Most dogs need daily walks. Every dog is different and some will need more than once a day walks, while others may be in poor health and walking can be too much. You know your dog best, but one thing I’ve noticed with all of my training clients is that most dogs are not being appropriately stimulated.
Dogs need to work their minds as much as they need to work their bodies. Walks, runs, hikes are all wonderful exercises, but don’t forget about their brains! Allowing your dog time and room to sniff when out on a walk is great for their brains, so that is one thing you can do.
We can also provide them mental stimulation in the form of play, puzzle feeders, giving them a job to do (we also discussed this one in a past post) whether that be scent work, picking up their toys, or playing fetch in the backyard!
8. Letting children handle (hurt) your dog
I’ve seen far too many posts about people “needing to re-home their dog” because the dog snapped at a child in the house. This infuriates me because it’s is our responsibility as a parent and a pet guardian to keep children away from our pets and to only allow appropriate contact between pets and children.
Young children should never be left alone with any pet and should never be allowed to smack a dog or cat. They should also never be allowed to pull on any part of your pet or sit on them. It’s not cute or funny and can end with your child being bitten.
Children are also more likely to tease your pets, resulting in cat scratches and dog bites. Even if your dog doesn’t bite or growl, teasing is a very frustrating thing and can cause behavioral issues with your dog.
9. Ignoring Your Body Language & Your Dog’s Body Language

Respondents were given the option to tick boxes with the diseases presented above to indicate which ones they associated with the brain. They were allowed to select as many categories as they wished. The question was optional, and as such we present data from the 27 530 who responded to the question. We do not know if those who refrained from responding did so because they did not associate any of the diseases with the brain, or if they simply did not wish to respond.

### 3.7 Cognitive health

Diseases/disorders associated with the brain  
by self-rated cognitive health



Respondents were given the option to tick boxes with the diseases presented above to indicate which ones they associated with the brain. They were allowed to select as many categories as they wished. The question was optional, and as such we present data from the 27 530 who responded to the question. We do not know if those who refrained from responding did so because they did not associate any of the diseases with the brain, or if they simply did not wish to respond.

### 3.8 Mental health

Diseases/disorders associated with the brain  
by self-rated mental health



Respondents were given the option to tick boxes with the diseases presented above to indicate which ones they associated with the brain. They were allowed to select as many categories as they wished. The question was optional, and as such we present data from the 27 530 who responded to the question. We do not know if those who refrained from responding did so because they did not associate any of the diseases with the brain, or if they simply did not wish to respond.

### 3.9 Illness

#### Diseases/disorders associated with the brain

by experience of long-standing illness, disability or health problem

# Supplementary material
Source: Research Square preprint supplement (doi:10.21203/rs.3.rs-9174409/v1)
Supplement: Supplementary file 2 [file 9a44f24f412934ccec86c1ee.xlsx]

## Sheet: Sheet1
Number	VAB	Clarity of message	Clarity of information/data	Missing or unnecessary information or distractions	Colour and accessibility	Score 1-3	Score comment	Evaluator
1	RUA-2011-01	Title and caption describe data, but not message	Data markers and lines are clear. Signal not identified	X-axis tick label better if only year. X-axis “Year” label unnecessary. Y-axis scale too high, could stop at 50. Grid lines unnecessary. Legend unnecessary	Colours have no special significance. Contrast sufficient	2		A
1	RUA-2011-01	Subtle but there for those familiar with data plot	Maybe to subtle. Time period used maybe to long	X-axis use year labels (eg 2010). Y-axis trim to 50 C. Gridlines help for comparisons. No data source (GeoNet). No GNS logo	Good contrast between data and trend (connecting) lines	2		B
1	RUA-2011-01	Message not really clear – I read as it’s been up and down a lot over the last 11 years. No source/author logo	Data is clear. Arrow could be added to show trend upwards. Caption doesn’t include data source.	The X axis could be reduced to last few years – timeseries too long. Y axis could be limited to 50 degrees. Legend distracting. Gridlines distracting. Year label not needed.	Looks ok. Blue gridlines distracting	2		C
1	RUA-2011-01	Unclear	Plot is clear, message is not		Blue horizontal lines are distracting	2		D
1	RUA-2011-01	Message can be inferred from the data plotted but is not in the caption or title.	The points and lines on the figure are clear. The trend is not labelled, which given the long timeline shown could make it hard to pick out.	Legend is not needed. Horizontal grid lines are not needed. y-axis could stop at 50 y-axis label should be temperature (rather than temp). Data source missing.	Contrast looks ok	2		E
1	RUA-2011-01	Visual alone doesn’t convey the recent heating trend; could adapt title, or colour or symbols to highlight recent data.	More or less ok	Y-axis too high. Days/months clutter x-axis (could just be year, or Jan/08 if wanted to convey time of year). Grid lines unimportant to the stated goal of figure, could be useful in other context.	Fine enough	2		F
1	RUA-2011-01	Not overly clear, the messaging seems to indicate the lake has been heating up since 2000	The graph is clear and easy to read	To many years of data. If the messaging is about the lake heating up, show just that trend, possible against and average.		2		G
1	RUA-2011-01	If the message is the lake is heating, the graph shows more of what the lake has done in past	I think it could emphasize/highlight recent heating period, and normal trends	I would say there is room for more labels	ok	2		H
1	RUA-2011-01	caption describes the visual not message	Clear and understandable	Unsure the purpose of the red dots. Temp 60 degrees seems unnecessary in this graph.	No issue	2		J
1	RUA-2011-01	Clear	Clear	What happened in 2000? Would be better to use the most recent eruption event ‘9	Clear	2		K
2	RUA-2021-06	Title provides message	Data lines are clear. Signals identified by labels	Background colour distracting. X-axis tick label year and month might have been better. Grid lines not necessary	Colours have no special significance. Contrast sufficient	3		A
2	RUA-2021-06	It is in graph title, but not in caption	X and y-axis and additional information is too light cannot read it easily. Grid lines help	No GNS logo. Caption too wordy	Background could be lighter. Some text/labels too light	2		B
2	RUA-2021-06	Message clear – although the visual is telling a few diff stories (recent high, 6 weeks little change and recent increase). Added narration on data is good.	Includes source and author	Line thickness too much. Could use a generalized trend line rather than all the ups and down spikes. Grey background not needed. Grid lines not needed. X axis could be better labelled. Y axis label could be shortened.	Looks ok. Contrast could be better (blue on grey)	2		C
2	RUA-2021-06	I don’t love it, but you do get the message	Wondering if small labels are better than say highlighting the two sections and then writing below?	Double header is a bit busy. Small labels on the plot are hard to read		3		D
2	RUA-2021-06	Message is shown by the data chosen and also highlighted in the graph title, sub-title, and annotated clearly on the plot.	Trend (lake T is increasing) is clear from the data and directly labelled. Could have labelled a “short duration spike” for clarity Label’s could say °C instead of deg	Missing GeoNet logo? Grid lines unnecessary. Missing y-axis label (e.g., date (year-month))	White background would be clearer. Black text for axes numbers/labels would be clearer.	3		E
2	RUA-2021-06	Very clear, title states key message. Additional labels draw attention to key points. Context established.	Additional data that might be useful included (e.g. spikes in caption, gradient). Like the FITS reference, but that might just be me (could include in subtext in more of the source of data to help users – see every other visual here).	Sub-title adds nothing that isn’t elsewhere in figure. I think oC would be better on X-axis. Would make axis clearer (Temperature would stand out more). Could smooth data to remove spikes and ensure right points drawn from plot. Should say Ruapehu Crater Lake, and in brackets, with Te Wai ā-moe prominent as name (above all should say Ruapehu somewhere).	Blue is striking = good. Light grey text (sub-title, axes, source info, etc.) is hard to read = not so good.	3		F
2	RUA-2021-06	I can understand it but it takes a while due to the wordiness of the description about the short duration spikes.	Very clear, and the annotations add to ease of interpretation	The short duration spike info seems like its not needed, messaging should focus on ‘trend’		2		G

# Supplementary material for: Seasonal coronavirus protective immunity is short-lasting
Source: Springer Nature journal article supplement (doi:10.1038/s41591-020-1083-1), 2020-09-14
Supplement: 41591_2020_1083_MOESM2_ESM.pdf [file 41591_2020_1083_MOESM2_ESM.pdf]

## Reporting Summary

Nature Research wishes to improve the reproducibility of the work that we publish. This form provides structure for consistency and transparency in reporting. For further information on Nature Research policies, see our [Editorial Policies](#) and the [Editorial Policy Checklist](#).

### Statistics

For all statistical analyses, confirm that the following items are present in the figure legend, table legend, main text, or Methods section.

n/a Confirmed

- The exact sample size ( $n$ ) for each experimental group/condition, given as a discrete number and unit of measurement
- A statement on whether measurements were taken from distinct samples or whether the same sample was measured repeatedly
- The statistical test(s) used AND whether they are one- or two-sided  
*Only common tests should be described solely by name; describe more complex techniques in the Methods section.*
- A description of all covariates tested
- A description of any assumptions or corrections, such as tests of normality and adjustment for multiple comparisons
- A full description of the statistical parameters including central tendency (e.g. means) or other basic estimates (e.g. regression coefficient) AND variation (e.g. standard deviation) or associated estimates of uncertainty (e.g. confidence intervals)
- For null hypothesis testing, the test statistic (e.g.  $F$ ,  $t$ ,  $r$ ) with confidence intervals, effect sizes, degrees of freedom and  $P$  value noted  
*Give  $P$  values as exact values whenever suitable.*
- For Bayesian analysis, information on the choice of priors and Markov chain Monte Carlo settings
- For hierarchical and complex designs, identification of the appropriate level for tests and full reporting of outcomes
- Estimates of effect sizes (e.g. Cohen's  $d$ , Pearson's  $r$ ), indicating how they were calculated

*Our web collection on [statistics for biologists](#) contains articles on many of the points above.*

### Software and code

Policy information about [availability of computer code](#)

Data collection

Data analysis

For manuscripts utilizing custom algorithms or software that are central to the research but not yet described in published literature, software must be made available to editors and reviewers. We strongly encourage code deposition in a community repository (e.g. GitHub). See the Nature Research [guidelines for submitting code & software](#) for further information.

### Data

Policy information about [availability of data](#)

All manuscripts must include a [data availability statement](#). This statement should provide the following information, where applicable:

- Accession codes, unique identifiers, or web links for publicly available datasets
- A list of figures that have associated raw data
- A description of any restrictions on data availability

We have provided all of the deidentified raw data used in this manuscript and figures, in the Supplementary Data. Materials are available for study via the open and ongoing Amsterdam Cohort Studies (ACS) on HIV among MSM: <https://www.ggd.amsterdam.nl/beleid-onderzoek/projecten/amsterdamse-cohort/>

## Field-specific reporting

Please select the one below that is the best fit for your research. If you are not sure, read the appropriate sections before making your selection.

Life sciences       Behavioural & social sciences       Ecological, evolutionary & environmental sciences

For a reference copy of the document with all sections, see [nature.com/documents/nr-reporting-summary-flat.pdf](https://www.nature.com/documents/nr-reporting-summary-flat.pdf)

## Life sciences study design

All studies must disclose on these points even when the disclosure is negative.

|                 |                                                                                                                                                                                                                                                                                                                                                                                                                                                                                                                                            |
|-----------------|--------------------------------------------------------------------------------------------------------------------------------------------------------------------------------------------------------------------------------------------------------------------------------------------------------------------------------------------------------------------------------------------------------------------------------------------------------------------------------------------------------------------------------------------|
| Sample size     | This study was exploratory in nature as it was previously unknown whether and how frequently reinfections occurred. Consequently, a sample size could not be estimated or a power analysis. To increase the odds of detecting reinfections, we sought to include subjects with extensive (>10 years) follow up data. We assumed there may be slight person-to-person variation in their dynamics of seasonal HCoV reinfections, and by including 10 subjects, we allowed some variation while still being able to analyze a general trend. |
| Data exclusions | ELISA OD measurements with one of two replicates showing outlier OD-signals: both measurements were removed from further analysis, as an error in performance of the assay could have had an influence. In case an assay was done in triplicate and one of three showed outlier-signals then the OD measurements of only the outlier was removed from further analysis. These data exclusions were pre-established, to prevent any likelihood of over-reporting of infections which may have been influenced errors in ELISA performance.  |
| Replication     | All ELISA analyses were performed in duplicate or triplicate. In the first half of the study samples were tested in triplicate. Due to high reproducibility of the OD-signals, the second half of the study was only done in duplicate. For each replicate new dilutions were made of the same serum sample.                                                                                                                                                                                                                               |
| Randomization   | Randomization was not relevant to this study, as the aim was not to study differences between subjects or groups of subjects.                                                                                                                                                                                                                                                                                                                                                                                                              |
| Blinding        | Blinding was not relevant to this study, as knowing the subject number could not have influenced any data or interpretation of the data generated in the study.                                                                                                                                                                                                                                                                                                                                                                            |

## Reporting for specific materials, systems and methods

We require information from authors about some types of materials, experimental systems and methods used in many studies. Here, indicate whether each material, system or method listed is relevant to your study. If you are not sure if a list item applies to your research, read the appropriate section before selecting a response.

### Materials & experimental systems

While our dogs understand some of what we say, they don’t speak English and the bulk of their behaviors and actions are a result of how they interpret our body language.
For example, the tension on the leash makes your dog nervous and anxious, so stop pulling on the leash constantly. Ideally, we would be walking our dog with a loose leash.
You also need to get better at reading your dog’s body language. For instance, many people think dogs “look guilty” when in fact dogs have no concept of guilt, they are reacting to your tone and body language. This is just one way in which many of us misinterpret our dogs.
Ok, so we’ve covered the 9 things I promised, but I have a bonus for you! These 2 tips actually come from Dr. Karen Becker.
Bonus #1. Not keeping your house clean enough
Don’t yell at me, I told you this one came from Dr. Becker! Seriously though, I’m as guilty of this as anyone. I’m busy and often my household chores get put on the back burner. As I write this I have a to-do list a mile long and I’m not getting to any of it today because I still have a video to edit and a new ad campaign to create on YouTube.
According to Dr. Becker “Itchy, red, inflamed skin is a common sign of dust mite allergies.” She continues by letting us know that pet beds and bedding should be washed weekly.
I use sheets and blankets on all of my pet beds, which helps me extend their life, but if I’m honest I wash about every 2 weeks. I guess I need to step up my game!
Bonus #2. Not buying quality pet beds
Again, don’t shoot the messenger! Seriously, though, I’ve also been guilty of this. In more recent years I have invested in high-quality and yes, expensive, pet beds. They really do last longer and have more support for my pets, which was my original goal.
According to Dr. Becker “Pet beds are a common source of allergens, not only due to the dust mites but also the material that makes up the filling. Synthetic or latex memory foam can be allergenic, as can chemicals used in processing, including flame retardants.”
“Fabrics made of 100% organic cotton, hemp (a naturally grown crop that isn’t sprayed with pesticides or other chemicals), or a tightly woven microfiber fabric are less likely to trigger an allergic response. Silk is a great material as well because dust mites can’t survive in silk. And no matter what type of material, you’ll need to be sure to wash it regularly.”
My go-to for pet beds is West Paw, but I’ve heard wonderful things about Big Barker beds, but I haven’t ponied up the cash for one yet (and because Kim already has about 11 beds in the house).
So, tell me, what on this list has perked your interest and what changes will you be making in your home?